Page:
However, there was a lot to look forward to as my eldest son Marcus and his wife, Marie were flying in on the last day of term and they were going to be here for a week to ten days.  Our Aussie friends – my great “fiend” Antonia, were going to be over for Christmas with their family and down here for New Year.  Usually, I would have said “stay with us” but I didn’t know how long the kids were going to be home for and other friends had offered to have them to stay and do New Year’s Eve.

The 20th December was the end of term, it was Christmas Jumper day at my school and I was resplendent in a completely hideous, polyester red jacket with Santa plastered all over it.  Most of the staff and many of the students also dressed up and the feeling was festive.  The deal was that lessons were to be taught as usual for most of the morning and then the final period was spent with tutors.  Whist Christmas is a time of celebration for most it is also a time of high anxiety for other students.  School offers sanctuary, it ensures there is a meal and warmth, friendship, someone to talk to if there is a problem who might be able to solve that issue and make going home just a bit better. The students finished at lunchtime and we had a staff get together to say farewell to those leaving, to  say “we’ve made it” to the end of term.  This was a bit rich from me as I’d only been back at school since 1st November so had done less than 50% compared to my colleagues – I didn’t have the right to be as run down as them.

As soon as decent I packed up and rushed home… the house was empty, this was not right as Marcus and Marie should have been there.  Their bags were here but they had gone for a walk to get a breath of air after their overnight flight from Seattle and journey from Heathrow.    I was a bit disappointed but got over myself when I saw them.  Phoebe was home too and later that afternoon mum was coming round so that we could go to the Primrose Carol Service.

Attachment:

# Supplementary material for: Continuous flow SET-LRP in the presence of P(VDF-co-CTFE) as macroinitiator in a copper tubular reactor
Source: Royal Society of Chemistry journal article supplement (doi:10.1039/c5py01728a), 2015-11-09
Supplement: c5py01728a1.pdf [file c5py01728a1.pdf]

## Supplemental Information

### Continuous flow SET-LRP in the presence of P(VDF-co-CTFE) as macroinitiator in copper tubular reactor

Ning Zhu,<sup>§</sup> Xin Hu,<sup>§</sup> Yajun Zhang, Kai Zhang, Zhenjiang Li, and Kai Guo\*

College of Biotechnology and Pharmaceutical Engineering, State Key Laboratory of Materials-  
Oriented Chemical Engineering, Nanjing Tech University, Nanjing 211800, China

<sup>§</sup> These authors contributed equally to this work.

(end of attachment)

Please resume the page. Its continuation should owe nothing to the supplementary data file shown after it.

The year before I had been one of the speakers at the service and this year I was part of the congregation or audience.  Just as well as we arrived late due to my inability to read the time on the web site.  Parking was an interesting experience and we snuck into the back of the church.  This comes from the Primrose Facebook site “The Stanborough Chorus and both the choirs from Holy Cross & The Cathedral school who brought the Christmas magic to the Cathedral and made the whole evening a truly festive and beautiful event. In total we raised over £1,000”.  It was lovely and made Christmas seem real.  Mr X was one of the readers, my lovely friend Joy who now works at the Primrose Breast Care Centre also read, the school choirs were great, the Stanborough Choir amazing, the church was beautiful (and the heating was on!) and mum, Phoebe and I sang with great gusto – we are on the right of the photo on the back row.  The holiday had begun.Xmas Service Primrose

1 m christmas jacket

 

 

101. A Fair Isle Cardigan (an emotional bomb)

It is half term, the weather is dreich, there have been huge storms, large parts of the UK are under water and last night a lightening strike hit a house a couple of miles away and the roof caught fire.  Locusts in Africa, fires in Australia, flooding here… it feels a bit apocalyptic..

I haven’t written about Christmas, New Year or my new nipple yet and I suppose a blog doesn’t have to be chronological although for my ordered, non blue sky, way of thinking it should be.

Today I helped my mum (Sheena) sort out my dad’s (Sandy) belongings.  It was a family affair, Nick brought his tool kit to do some minor repairs to  a bathroom cabinet, Phoebe came to for support, Sheena had bought chocolate biscuits and I was supposed to bring bags for life (odd really given today’s job) to help sort Sandy’s clothes and I’d forgotten them.  When we arrived at the flat mum had already made a start and was a little distressed.  When I saw dad’s Fair Isle cardigan hanging up in the wardrobe I too became distressed.  This red, white and blue cardi, which was one of his favourites had become an “emotional bomb”.  I have stolen this term for a lady on Twitter who has just cleared her dad’s garage.  The morning was punctuated by rain outside and a tsunami of tears in, all I could say was “oh dear….”

We made a start.  Nick retreated to the bathroom then to an electrical shop to buy the bits make good the repair.  Phoebe, mum and I went through the wardrobe and sorted clothes into – charity shop donations, items to be sold and items to be kept or handed to specific people.  It was a hard morning as we sifted through a stack of Orvis shirts, a wide variety of clothes, suits, hats, fleeces.  Five bags were to go to St Lukes hospice shop including two large, green Aran sweaters which weighed a tonne (they may have been bought on a cruise holiday around the British Isles).  A couple of bags were sorted of items which could be sold – this was Phoebe’s domain and already she has photographed them, put them on various sites and had some interest in them. The Fair Isle cardigan has remained in the wardrobe with a favourite shirt and jacket.  It wasn’t hard labour it was the emotional bomb as we remembered dad wearing the cardigan as mum said he had really loved it.  He wore it when he was here for Christmas some 14 months ago, his last Christmas with us.